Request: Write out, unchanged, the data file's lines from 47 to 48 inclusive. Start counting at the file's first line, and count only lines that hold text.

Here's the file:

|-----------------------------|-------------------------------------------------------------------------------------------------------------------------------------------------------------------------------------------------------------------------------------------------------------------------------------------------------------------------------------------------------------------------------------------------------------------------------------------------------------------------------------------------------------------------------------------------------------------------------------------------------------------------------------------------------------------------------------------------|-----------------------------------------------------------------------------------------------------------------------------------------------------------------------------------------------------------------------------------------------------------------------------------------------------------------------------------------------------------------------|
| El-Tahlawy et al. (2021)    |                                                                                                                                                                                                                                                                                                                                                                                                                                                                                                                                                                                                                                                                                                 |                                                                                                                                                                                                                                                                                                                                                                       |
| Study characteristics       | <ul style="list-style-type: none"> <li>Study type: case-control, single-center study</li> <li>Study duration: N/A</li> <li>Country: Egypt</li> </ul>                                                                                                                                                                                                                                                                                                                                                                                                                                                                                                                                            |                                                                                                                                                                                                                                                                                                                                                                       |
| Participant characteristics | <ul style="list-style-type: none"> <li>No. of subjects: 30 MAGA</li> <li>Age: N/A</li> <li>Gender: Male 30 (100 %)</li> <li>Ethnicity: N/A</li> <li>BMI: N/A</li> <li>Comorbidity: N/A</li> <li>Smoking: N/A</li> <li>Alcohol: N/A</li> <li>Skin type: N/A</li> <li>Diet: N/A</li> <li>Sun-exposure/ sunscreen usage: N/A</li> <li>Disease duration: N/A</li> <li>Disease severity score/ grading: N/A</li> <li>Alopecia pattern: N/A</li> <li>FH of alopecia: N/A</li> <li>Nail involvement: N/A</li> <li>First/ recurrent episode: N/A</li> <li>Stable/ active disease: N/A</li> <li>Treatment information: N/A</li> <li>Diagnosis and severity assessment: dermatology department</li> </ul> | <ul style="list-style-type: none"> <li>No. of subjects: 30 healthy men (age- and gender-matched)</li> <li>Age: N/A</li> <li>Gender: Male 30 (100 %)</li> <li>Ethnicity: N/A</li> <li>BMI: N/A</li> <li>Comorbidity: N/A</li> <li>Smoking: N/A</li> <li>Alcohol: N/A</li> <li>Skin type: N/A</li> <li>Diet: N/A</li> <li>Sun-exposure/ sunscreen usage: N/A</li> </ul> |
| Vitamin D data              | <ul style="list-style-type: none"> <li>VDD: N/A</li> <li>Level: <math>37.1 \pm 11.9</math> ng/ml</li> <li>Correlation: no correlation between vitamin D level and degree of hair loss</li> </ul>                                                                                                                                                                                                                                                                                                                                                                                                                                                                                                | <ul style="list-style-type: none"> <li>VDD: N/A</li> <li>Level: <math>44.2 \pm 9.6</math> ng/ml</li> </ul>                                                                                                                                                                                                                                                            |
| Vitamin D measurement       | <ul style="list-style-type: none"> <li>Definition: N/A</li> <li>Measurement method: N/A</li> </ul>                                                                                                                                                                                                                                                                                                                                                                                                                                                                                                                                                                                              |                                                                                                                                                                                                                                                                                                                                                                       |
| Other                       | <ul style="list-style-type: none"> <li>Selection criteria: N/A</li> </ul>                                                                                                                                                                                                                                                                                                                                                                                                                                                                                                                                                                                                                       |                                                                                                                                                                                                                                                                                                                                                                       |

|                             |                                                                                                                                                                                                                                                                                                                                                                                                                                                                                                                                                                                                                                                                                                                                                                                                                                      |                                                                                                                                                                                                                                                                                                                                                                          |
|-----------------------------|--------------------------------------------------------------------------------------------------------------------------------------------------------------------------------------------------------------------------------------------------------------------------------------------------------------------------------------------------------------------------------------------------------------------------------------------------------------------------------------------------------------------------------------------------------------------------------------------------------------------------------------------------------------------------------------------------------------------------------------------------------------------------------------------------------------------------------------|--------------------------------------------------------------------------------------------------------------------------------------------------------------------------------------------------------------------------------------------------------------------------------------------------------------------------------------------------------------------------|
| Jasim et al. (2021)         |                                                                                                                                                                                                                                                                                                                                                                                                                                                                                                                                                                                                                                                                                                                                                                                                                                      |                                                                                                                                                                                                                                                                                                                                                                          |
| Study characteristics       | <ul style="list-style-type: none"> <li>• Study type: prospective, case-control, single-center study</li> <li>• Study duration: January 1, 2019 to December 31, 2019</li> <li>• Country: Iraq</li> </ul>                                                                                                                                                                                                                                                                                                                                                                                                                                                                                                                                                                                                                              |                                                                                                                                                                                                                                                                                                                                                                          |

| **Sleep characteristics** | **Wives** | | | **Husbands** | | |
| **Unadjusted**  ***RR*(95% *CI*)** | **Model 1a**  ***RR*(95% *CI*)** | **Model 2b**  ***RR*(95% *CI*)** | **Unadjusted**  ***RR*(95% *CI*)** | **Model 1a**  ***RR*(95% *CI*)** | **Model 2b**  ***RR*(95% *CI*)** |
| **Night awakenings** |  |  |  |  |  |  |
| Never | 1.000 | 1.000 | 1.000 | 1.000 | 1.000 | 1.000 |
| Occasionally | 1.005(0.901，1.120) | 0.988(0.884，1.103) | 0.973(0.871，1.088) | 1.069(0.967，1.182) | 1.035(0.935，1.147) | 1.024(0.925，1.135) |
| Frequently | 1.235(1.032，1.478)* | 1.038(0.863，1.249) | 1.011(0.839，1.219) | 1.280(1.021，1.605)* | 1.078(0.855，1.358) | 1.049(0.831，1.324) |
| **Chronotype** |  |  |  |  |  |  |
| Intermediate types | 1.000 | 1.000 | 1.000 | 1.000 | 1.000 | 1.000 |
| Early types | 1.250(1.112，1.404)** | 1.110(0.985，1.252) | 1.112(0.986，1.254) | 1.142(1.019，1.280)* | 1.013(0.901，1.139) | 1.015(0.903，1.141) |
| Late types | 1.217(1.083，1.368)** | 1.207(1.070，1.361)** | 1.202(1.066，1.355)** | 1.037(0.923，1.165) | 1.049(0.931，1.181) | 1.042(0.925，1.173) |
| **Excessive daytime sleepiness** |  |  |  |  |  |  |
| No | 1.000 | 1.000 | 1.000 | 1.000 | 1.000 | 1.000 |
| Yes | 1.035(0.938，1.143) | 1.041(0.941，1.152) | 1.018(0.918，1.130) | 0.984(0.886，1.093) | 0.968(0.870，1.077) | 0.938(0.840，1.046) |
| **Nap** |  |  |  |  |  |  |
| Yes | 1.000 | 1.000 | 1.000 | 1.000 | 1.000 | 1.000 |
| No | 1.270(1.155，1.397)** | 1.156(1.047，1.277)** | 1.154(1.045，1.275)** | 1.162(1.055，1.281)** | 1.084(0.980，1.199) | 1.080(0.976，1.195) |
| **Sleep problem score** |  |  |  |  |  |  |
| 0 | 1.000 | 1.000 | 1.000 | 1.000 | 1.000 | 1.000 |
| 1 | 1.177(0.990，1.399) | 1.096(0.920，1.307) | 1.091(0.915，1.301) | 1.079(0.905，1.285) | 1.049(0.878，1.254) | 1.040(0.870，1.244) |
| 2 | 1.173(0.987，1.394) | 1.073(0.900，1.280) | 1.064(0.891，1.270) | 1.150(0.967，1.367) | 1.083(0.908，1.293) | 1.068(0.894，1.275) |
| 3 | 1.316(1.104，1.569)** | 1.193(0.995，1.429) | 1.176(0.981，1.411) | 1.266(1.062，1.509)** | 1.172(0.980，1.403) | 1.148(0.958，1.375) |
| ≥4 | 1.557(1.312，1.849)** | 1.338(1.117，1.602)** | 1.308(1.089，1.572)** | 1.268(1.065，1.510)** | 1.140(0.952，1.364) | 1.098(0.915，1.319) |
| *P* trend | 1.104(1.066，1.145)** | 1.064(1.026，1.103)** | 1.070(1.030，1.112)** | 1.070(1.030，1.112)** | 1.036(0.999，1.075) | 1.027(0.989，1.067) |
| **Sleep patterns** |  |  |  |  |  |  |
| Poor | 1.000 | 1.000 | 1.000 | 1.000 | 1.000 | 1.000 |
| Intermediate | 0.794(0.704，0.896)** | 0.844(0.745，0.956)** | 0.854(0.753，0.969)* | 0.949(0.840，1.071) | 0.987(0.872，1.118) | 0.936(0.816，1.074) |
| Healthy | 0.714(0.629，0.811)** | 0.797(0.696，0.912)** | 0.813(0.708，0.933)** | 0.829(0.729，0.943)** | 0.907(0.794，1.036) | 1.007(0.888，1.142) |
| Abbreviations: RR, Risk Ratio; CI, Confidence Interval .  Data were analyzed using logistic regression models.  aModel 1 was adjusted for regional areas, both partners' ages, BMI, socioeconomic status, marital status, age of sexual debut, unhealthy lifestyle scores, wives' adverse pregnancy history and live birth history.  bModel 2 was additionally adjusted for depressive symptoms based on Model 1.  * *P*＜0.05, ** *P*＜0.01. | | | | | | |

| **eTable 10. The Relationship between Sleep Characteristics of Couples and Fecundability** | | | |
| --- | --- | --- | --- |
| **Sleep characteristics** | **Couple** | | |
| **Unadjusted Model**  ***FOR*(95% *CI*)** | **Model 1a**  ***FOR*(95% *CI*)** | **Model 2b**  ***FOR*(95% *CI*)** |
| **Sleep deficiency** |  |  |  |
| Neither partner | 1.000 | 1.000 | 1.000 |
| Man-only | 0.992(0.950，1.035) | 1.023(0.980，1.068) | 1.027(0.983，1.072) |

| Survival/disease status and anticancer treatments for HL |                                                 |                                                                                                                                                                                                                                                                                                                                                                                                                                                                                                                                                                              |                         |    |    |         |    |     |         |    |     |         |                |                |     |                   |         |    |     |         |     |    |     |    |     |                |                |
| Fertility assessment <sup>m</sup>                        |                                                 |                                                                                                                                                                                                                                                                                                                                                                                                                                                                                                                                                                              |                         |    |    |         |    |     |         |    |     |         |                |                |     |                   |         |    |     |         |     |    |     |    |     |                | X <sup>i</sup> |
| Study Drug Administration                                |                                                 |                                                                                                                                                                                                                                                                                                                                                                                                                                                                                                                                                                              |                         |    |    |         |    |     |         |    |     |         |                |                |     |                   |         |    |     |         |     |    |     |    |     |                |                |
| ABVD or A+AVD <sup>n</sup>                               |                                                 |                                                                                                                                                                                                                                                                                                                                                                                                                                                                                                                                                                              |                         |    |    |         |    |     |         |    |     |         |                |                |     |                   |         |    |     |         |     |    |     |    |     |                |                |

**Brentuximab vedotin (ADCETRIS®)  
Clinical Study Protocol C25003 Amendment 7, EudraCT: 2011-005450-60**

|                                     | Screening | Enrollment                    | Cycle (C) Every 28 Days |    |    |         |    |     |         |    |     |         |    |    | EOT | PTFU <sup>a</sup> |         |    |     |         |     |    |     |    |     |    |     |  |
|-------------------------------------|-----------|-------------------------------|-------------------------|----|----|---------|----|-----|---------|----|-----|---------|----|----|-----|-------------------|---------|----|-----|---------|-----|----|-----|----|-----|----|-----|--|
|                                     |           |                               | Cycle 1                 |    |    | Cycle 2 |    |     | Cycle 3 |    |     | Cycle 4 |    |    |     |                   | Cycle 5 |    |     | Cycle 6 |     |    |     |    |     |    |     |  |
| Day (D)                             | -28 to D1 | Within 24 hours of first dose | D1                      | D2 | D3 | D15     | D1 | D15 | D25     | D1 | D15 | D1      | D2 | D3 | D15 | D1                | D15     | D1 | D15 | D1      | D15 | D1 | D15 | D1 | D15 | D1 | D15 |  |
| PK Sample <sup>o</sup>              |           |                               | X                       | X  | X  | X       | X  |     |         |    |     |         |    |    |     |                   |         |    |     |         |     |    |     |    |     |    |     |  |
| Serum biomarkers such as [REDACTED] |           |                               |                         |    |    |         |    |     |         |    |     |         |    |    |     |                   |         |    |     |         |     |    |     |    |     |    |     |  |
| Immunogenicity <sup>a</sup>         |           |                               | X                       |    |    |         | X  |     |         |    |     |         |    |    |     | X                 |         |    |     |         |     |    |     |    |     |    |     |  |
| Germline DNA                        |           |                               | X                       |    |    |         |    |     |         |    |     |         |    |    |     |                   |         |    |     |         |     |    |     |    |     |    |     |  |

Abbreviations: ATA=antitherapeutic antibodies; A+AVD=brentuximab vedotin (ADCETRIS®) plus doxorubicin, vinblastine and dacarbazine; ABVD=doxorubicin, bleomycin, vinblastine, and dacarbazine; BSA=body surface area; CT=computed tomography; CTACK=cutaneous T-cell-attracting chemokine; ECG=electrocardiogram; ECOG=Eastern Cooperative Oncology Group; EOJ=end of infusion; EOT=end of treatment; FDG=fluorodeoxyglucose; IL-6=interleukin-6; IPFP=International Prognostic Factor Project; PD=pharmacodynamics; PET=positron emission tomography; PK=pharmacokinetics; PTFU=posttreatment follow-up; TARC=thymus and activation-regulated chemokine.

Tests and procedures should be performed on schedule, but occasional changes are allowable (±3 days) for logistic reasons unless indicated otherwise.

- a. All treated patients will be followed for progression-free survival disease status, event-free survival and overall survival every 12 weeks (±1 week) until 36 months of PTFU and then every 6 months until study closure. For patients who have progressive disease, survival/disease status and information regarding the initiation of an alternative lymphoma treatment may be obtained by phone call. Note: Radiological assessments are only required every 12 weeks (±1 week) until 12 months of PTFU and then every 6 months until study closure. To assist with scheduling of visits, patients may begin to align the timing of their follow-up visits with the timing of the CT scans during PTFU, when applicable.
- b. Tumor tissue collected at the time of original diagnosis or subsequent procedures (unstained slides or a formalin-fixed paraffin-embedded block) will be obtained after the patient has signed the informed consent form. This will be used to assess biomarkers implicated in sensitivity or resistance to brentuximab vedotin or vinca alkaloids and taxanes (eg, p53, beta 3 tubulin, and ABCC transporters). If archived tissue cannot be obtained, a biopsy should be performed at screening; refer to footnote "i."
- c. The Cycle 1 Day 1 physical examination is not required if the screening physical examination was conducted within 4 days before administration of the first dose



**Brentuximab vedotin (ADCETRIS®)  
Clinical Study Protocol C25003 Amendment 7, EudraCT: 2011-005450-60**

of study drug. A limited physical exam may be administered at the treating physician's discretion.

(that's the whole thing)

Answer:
| Survival/disease status and anticancer treatments for HL |                                                 |                                                                                                                                                                                                                                                                                                                                                                                                                                                                                                                                                                              |                         |    |    |         |    |     |         |    |     |         |                |                |     |                   |         |    |     |         |     |    |     |    |     |                |                |
| Fertility assessment <sup>m</sup>                        |                                                 |                                                                                                                                                                                                                                                                                                                                                                                                                                                                                                                                                                              |                         |    |    |         |    |     |         |    |     |         |                |                |     |                   |         |    |     |         |     |    |     |    |     |                | X <sup>i</sup> |